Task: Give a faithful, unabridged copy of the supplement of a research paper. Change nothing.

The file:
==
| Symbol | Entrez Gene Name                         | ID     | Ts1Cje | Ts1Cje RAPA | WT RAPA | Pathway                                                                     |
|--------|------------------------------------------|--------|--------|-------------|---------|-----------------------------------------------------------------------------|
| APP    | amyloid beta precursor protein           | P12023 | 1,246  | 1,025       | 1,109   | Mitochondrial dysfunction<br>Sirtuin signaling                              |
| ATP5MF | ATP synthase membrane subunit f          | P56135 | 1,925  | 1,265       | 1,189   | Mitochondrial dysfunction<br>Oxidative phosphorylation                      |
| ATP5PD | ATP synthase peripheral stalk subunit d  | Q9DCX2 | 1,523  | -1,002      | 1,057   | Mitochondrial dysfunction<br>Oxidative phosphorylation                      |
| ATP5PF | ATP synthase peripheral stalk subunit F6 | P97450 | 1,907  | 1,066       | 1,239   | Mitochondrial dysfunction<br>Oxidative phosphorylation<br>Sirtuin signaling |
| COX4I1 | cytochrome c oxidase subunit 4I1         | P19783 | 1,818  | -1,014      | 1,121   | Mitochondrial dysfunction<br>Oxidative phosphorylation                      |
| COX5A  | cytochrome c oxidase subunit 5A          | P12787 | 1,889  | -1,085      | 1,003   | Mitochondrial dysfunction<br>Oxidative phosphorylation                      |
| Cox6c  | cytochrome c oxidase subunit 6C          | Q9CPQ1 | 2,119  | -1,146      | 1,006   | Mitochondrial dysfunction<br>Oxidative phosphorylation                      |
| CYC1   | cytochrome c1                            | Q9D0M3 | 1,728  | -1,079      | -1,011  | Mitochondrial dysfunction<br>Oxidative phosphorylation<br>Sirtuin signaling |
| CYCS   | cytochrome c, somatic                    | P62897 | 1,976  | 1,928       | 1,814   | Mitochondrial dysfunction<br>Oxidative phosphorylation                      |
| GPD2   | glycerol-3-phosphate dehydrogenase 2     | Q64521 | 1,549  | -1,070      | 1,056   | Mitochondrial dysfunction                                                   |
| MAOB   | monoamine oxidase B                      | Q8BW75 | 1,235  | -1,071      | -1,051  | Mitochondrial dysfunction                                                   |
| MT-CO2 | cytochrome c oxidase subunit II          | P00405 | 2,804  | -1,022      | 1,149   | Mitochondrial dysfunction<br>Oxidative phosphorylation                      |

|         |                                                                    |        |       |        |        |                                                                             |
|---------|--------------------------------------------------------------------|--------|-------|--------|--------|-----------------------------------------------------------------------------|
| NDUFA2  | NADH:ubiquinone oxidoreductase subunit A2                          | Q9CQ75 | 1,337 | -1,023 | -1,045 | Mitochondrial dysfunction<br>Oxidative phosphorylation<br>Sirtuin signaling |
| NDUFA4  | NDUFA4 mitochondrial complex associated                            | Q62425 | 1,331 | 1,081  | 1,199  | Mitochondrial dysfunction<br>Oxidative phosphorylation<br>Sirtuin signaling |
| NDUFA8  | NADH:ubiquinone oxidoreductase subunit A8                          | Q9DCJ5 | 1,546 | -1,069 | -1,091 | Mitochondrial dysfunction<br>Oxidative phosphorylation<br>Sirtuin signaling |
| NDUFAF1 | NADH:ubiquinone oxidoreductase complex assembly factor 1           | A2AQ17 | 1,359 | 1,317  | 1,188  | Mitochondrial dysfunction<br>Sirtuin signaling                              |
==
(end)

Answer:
| Symbol | Entrez Gene Name                         | ID     | Ts1Cje | Ts1Cje RAPA | WT RAPA | Pathway                                                                     |
|--------|------------------------------------------|--------|--------|-------------|---------|-----------------------------------------------------------------------------|
| APP    | amyloid beta precursor protein           | P12023 | 1,246  | 1,025       | 1,109   | Mitochondrial dysfunction<br>Sirtuin signaling                              |
| ATP5MF | ATP synthase membrane subunit f          | P56135 | 1,925  | 1,265       | 1,189   | Mitochondrial dysfunction<br>Oxidative phosphorylation                      |
| ATP5PD | ATP synthase peripheral stalk subunit d  | Q9DCX2 | 1,523  | -1,002      | 1,057   | Mitochondrial dysfunction<br>Oxidative phosphorylation                      |
| ATP5PF | ATP synthase peripheral stalk subunit F6 | P97450 | 1,907  | 1,066       | 1,239   | Mitochondrial dysfunction<br>Oxidative phosphorylation<br>Sirtuin signaling |
| COX4I1 | cytochrome c oxidase subunit 4I1         | P19783 | 1,818  | -1,014      | 1,121   | Mitochondrial dysfunction<br>Oxidative phosphorylation                      |
| COX5A  | cytochrome c oxidase subunit 5A          | P12787 | 1,889  | -1,085      | 1,003   | Mitochondrial dysfunction<br>Oxidative phosphorylation                      |
| Cox6c  | cytochrome c oxidase subunit 6C          | Q9CPQ1 | 2,119  | -1,146      | 1,006   | Mitochondrial dysfunction<br>Oxidative phosphorylation                      |
| CYC1   | cytochrome c1                            | Q9D0M3 | 1,728  | -1,079      | -1,011  | Mitochondrial dysfunction<br>Oxidative phosphorylation<br>Sirtuin signaling |
| CYCS   | cytochrome c, somatic                    | P62897 | 1,976  | 1,928       | 1,814   | Mitochondrial dysfunction<br>Oxidative phosphorylation                      |
| GPD2   | glycerol-3-phosphate dehydrogenase 2     | Q64521 | 1,549  | -1,070      | 1,056   | Mitochondrial dysfunction                                                   |
| MAOB   | monoamine oxidase B                      | Q8BW75 | 1,235  | -1,071      | -1,051  | Mitochondrial dysfunction                                                   |
| MT-CO2 | cytochrome c oxidase subunit II          | P00405 | 2,804  | -1,022      | 1,149   | Mitochondrial dysfunction<br>Oxidative phosphorylation                      |

|         |                                                                    |        |       |        |        |                                                                             |
|---------|--------------------------------------------------------------------|--------|-------|--------|--------|-----------------------------------------------------------------------------|
| NDUFA2  | NADH:ubiquinone oxidoreductase subunit A2                          | Q9CQ75 | 1,337 | -1,023 | -1,045 | Mitochondrial dysfunction<br>Oxidative phosphorylation<br>Sirtuin signaling |
| NDUFA4  | NDUFA4 mitochondrial complex associated                            | Q62425 | 1,331 | 1,081  | 1,199  | Mitochondrial dysfunction<br>Oxidative phosphorylation<br>Sirtuin signaling |
| NDUFA8  | NADH:ubiquinone oxidoreductase subunit A8                          | Q9DCJ5 | 1,546 | -1,069 | -1,091 | Mitochondrial dysfunction<br>Oxidative phosphorylation<br>Sirtuin signaling |
| NDUFAF1 | NADH:ubiquinone oxidoreductase complex assembly factor 1           | A2AQ17 | 1,359 | 1,317  | 1,188  | Mitochondrial dysfunction<br>Sirtuin signaling                              |